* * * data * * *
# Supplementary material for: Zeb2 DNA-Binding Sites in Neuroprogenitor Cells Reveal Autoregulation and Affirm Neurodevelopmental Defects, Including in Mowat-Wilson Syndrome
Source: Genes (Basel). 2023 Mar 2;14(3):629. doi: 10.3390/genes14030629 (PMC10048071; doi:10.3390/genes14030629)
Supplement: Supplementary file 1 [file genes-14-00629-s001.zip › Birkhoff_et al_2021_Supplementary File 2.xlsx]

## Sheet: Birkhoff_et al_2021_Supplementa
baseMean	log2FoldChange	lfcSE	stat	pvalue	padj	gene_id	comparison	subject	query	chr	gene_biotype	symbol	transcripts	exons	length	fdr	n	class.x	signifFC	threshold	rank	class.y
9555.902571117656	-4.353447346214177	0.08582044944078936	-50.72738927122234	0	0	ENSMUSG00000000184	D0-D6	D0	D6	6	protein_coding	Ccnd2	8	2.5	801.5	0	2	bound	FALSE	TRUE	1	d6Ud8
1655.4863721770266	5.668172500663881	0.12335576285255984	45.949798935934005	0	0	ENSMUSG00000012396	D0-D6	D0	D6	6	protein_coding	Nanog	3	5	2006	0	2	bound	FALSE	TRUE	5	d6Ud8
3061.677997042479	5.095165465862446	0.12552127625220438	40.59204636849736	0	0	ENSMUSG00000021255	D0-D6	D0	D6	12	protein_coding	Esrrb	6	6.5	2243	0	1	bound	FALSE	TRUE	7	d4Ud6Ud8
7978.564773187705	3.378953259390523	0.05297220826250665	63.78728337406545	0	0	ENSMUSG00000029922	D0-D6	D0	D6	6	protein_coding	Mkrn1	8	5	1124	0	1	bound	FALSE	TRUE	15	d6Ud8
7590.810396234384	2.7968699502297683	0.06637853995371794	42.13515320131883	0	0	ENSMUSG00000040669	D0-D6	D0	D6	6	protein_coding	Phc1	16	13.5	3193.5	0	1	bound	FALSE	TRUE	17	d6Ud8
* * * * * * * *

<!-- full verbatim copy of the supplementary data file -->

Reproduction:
# Supplementary material for: Zeb2 DNA-Binding Sites in Neuroprogenitor Cells Reveal Autoregulation and Affirm Neurodevelopmental Defects, Including in Mowat-Wilson Syndrome
Source: Genes (Basel). 2023 Mar 2;14(3):629. doi: 10.3390/genes14030629 (PMC10048071; doi:10.3390/genes14030629)
Supplement: Supplementary file 1 [file genes-14-00629-s001.zip › Birkhoff_et al_2021_Supplementary File 2.xlsx]

## Sheet: Birkhoff_et al_2021_Supplementa
baseMean	log2FoldChange	lfcSE	stat	pvalue	padj	gene_id	comparison	subject	query	chr	gene_biotype	symbol	transcripts	exons	length	fdr	n	class.x	signifFC	threshold	rank	class.y
9555.902571117656	-4.353447346214177	0.08582044944078936	-50.72738927122234	0	0	ENSMUSG00000000184	D0-D6	D0	D6	6	protein_coding	Ccnd2	8	2.5	801.5	0	2	bound	FALSE	TRUE	1	d6Ud8
1655.4863721770266	5.668172500663881	0.12335576285255984	45.949798935934005	0	0	ENSMUSG00000012396	D0-D6	D0	D6	6	protein_coding	Nanog	3	5	2006	0	2	bound	FALSE	TRUE	5	d6Ud8
3061.677997042479	5.095165465862446	0.12552127625220438	40.59204636849736	0	0	ENSMUSG00000021255	D0-D6	D0	D6	12	protein_coding	Esrrb	6	6.5	2243	0	1	bound	FALSE	TRUE	7	d4Ud6Ud8
7978.564773187705	3.378953259390523	0.05297220826250665	63.78728337406545	0	0	ENSMUSG00000029922	D0-D6	D0	D6	6	protein_coding	Mkrn1	8	5	1124	0	1	bound	FALSE	TRUE	15	d6Ud8
7590.810396234384	2.7968699502297683	0.06637853995371794	42.13515320131883	0	0	ENSMUSG00000040669	D0-D6	D0	D6	6	protein_coding	Phc1	16	13.5	3193.5	0	1	bound	FALSE	TRUE	17	d6Ud8